I’ve developed a soft spot for graphic memoirs. ‘Flying Couch’ is a moving debut... In part, it’s a type of ‘coming-of-age’ story for Amy. It also about the value of family stories - powerful family history - and how the Holocaust affected Amy, her mother, and grandmother — individually, and their relationships together. Amy Kurzweil is the author and Artist. Her mother, Sonya, is a therapist. Bubbe, Amy’s grandmother escaped from the Warsaw ghetto. This is a very Jewish family story. It’s emotio I’ve developed a soft spot for graphic memoirs. ‘Flying Couch’ is a moving debut... In part, it’s a type of ‘coming-of-age’ story for Amy. It also about the value of family stories - powerful family history - and how the Holocaust affected Amy, her mother, and grandmother — individually, and their relationships together. Amy Kurzweil is the author and Artist. Her mother, Sonya, is a therapist. Bubbe, Amy’s grandmother escaped from the Warsaw ghetto. This is a very Jewish family story. It’s emotionally felt. It’s funny - it’s sad - and it’s touching. I enjoyed it. I enjoyed learning about Amy Kurzweil....and I loved the tidbits & little details about her childhood home. It warmed my heart. I have the physical book - the illustrations are a mixed bag- some I liked more than others - but overall they complemented the personality and tone in which this story was told.

  2. 4 out of 5

    Melki

    When my children grew up, they didn't know my stories but they were all very sort of sad. Why don't I have an uncle, they say. Why don't I have cousins? Why don't I have grandparents? Why? Why? I said, I'm sorry, if I could buy you an uncle I would buy you an uncle. Kurzweil's graphic novel tells the tale of three generations of women. Most involving is the story of the author's grandmother, her Bubbe, Lily Fenster. Her story is told in her own words, broken English, and all. (The voice of Reizl When my children grew up, they didn't know my stories but they were all very sort of sad. Why don't I have an uncle, they say. Why don't I have cousins? Why don't I have grandparents? Why? Why? I said, I'm sorry, if I could buy you an uncle I would buy you an uncle. Kurzweil's graphic novel tells the tale of three generations of women. Most involving is the story of the author's grandmother, her Bubbe, Lily Fenster. Her story is told in her own words, broken English, and all. (The voice of Reizl Bozyk, who played the Bubbe in the film Crossing Delancey, was echoing in my head.) During the war, Lily's blonde hair and blue eyes allowed her to pass as a shiksa, while the rest of her family was hauled to the camps. When I went back to Europe in - in the seventies it was - I looked for family that survived. Everyone was listed, you know how they did it. I was checking names, looking. I was thinking, maybe...but I didn't see nothing. Bubbe is delightful. She throws down beach towels to protect her carpeting (my granny used throw rugs), and is constantly looking for cans to recycle for cash. She is indeed larger than life. And therein lies the main problem with the book. The other characters - the author and her mother - pale in comparison. I found myself skimming Kurzweil's story of her search to find herself within her religion, and her tense relationship with her mother, just to get to the Bubbe bits. I was also not too crazy about the artwork. Still, this one is worth a read to get to know Lily Fenster. You go, Bubbe!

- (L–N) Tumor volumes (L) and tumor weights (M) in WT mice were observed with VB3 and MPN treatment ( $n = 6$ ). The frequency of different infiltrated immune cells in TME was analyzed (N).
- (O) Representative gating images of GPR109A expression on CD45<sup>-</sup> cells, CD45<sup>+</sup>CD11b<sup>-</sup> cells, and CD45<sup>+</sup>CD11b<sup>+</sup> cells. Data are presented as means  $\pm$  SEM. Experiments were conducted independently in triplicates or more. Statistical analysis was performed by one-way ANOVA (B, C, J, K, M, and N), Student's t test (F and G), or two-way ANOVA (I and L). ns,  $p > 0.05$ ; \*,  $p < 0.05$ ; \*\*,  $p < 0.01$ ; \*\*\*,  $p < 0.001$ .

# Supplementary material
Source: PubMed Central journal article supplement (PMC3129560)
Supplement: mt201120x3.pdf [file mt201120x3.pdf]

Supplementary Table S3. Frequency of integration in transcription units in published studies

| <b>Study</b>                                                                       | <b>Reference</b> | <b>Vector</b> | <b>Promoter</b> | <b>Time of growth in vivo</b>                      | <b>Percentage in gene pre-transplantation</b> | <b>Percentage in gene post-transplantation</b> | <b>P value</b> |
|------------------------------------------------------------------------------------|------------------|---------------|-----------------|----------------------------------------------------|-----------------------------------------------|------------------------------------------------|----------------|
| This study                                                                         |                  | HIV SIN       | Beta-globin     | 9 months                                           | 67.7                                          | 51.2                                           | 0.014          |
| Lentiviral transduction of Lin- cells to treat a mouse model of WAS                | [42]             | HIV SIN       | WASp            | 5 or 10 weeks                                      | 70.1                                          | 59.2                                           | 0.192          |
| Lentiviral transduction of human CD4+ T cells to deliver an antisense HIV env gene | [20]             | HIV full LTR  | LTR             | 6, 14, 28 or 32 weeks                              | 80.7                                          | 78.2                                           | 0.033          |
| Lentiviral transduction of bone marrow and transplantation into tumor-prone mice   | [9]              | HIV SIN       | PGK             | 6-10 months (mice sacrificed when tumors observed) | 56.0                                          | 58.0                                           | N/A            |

3. 4 out of 5

    Julie Ehlers

    The reviews for Flying Couch seem lukewarm, so I was a bit surprised by how much I enjoyed it. This memoir-in-comics is purportedly a tale of three generations of women: Amy Kurzweil, her mother Sonya, and her grandmother Lily. Lily's sections, which involve her escape from the Warsaw ghetto and the years she spent pretending to be Catholic during WWII, are by far the most fascinating, but I also enjoyed Amy's sections about her attempt to establish her own identity, both as an artist and simply The reviews for Flying Couch seem lukewarm, so I was a bit surprised by how much I enjoyed it. This memoir-in-comics is purportedly a tale of three generations of women: Amy Kurzweil, her mother Sonya, and her grandmother Lily. Lily's sections, which involve her escape from the Warsaw ghetto and the years she spent pretending to be Catholic during WWII, are by far the most fascinating, but I also enjoyed Amy's sections about her attempt to establish her own identity, both as an artist and simply as the offspring of two such formidable women. On the other hand, Amy's mother Sonya, a therapist, gets short shrift in Flying Couch; as she herself points out after reading an early draft, she doesn't come across as a full person with her own story. The fact that Amy includes this observation in the book without then going on to give her mother a fuller treatment is quite telling. Sonya's role in the book is as a bridge between grandmother and granddaughter, but, more importantly, as a locus for both Amy's and the aging Lily's struggles to balance independence with their need for other people (including Sonya herself, of course). These struggles provide an interesting and necessary narrative tension and make it clear how valuable a player Sonya actually is in Flying Couch. While I wouldn't call this book a comics masterpiece, it's well worth the read. I look forward to checking out Amy Kurzweil's future work.